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Summary:

Long Term Evolution (LTE), the next-generation wireless network chosen by 80 percent of the world’s carriers, isn’t turning out to be the star of this year’s Mobile World Congress trade show in Barcelona. Instead of announcing LTE rollouts, carriers are talking up their upgrades to HSPA+, […]

Long Term Evolution (LTE), the next-generation wireless network chosen by 80 percent of the world’s carriers, isn’t turning out to be the star of this year’s Mobile World Congress trade show in Barcelona. Instead of announcing LTE rollouts, carriers are talking up their upgrades to HSPA+, a small, software-based step up from existing GSM-based 3G networks. It’s like a Ferrari getting upstaged by an Acura. Acuras are cool, but underneath they’re still Hondas.

The Financial Times blames the LTE delays on the economic downturn, but Vodafone, France Telecom and Deutsche Telekom are putting off their Ferrari purchases because it makes sense from a technology and business perspective. Former Vodafone CEO Arun Sarin said at last year’s Mobile World Congress, and a few weeks later at CTIA, that Vodafone wouldn’t move to LTE until its current 3G network was full. Instead, the carrier planned to upgrade its HSPA network, which could be done with software rather than through building out a new physical infrastructure.

The Financial Times is wringing its hands over the fate of the telecom gear makers who were counting on upgrades to LTE, but I doubt that few of them have been caught off guard. The CEO of Ericsson, one of the biggest promoters of LTE, yesterday predicted five more years of HSPA dominance. So, even as equipment vendors tout their LTE milestones (such as Motorola showing off its ability to transfer calls on an LTE network), they know that most carriers with GSM networks, like AT&T, won’t be moving to LTE until they have to.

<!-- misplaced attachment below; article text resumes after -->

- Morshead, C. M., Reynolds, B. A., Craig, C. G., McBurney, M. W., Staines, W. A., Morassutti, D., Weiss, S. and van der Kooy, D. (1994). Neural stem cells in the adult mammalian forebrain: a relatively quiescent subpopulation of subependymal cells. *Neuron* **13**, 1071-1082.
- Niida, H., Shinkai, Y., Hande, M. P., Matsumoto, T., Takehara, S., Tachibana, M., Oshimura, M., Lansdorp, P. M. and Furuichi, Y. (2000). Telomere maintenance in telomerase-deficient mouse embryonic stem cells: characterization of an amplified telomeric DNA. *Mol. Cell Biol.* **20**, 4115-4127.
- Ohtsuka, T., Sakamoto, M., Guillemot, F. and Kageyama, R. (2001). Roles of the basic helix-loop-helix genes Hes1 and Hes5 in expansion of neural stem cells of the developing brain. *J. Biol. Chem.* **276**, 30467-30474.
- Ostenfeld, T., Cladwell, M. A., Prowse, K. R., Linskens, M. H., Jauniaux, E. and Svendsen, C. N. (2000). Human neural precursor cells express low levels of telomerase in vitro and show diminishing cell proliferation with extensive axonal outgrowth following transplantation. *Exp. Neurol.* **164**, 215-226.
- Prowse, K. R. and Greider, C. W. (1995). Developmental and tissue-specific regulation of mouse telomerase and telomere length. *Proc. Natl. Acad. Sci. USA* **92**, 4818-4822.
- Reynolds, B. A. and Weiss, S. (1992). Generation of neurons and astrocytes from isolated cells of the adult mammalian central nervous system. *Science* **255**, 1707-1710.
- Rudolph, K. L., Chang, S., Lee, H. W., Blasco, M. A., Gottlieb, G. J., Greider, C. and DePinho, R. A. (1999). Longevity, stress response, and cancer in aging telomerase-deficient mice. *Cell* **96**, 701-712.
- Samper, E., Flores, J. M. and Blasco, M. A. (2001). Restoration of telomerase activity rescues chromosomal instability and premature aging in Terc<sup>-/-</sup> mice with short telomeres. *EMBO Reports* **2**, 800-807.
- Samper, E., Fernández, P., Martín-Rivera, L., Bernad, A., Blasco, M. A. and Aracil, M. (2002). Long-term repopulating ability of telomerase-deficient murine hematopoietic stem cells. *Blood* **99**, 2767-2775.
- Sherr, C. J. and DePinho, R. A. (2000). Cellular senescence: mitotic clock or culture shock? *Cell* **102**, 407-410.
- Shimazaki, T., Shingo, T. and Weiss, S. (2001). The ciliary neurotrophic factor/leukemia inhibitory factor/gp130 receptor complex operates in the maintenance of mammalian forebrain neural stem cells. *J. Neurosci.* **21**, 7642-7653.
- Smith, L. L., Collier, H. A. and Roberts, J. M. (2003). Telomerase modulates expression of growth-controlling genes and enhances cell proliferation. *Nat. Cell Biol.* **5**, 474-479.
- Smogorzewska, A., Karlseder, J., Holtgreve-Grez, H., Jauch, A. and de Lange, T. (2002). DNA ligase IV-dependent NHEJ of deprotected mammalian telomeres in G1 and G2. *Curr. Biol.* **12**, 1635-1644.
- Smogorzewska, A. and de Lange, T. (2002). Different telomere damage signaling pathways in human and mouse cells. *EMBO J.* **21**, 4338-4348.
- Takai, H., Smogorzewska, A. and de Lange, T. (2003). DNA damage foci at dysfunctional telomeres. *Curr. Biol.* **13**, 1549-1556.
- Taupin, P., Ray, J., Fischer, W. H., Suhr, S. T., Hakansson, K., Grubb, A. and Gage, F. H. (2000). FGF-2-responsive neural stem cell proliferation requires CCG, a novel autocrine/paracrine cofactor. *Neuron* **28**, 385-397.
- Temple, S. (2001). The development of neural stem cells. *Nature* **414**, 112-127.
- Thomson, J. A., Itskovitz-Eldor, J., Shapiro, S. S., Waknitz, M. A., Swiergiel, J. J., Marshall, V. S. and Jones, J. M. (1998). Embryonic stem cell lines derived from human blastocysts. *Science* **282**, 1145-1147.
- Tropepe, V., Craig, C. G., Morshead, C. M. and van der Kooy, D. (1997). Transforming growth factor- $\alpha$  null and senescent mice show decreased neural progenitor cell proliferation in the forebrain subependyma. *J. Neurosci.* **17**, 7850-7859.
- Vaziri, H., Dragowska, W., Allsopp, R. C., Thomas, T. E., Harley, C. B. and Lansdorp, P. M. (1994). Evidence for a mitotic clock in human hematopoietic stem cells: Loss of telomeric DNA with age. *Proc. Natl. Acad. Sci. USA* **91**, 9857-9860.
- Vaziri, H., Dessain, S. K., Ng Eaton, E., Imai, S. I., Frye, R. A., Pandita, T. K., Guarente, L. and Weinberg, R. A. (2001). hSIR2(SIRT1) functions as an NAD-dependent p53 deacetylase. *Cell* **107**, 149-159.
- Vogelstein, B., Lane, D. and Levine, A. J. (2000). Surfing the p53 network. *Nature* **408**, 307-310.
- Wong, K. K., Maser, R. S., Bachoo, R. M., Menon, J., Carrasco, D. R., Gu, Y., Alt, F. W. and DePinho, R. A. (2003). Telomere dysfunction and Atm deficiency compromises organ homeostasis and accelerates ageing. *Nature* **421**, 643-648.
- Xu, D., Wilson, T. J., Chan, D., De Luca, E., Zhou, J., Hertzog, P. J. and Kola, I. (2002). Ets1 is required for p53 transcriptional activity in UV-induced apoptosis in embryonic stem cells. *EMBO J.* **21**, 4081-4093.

1. HSPA+ is merely a small software upgrade from current HSPA networks.

    It requires a “flatter” core and MIMO, both of which are hardware upgrades and require significant CAPEX.
    Also, there are few HSPA+ devices announced and none in the market yet.

    However, operators are interested in HSPA+ for CPC and 64QAM but are very sensitive in the CAPEX issue. The ones I have spoken to say that will only deploy HSPA+ if it doesn’t require hardware upgrades.

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  2. This is exactly what happened with EDGE and UMTS. In late 2001 early 2002 every one was excited because UMTS (real 3G) equipment was finally becoming available. However, in all that excitement people forgot that most GSM carriers still only had the very slow GPRS as their data offering. There was lots of talk about skipping EDGE (which had been available for a year already without much uptake) since while it was a less expensive upgrade than UMTS it was also far less potent. So what happened? Despite all the prognostication, everyone did deploy EDGE and real 3G had to wait another 3 years (with the US GSM carriers continuing to lag Europe despite all the claims that they would catch up).

    There was no way we were ever going to see any significant LTE deployment before 2010, even without the Global Economic Meltdown. Now, I’d be surprised if the technology is commonplace before 2012 (especially in the US). Of course, South Korea will have widescale deployment by the end of this year ;^)

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  3. jesse, while i agree with your analysis on the edge vs. 3g (w-cdma) situation, i believe we will see some lte deployment sooner rather than later. the reason is that 3gpp2 roadmap is a deadend. back then people were deploying 1xrtt and calling it 3g. the 3gpp2 operators have no path to go but lte.

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  4. The main purpose of the LTE hoopla last year was to put the brakes on the momentum behind WiMAX. In this, they succeeded very well: In the last year and a half, not a single large WiMAX deployment has been announced.

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  5. subir

    this is anon. agree with you, this has scared people off wimax. no one wants a network where devices are not available or expensive (3pp2 and reliance for example)…the claim is that the cost curves of a system where more than a billion devices are produced are pretty hard to beat….reality is that those are mostly 2G devices…

    btw this is a tried and trusted strategy for the 3GPP proponents and cell carriers. few years back they were discrediting wifi. while this did not stop the adoption of wifi in general (thanks to consumers for that) the operators have not embraced wifi. the kept believing 3G would solve their problems. look at statements from at&t ceo before the 3G-iphone launch. match it with real world 3g network experience…

    the strategy for wimax has to be go dsl replacement type apps…

    anon…

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  6. [...] 2. HSPA is stealing LTE’s thunder. [...]

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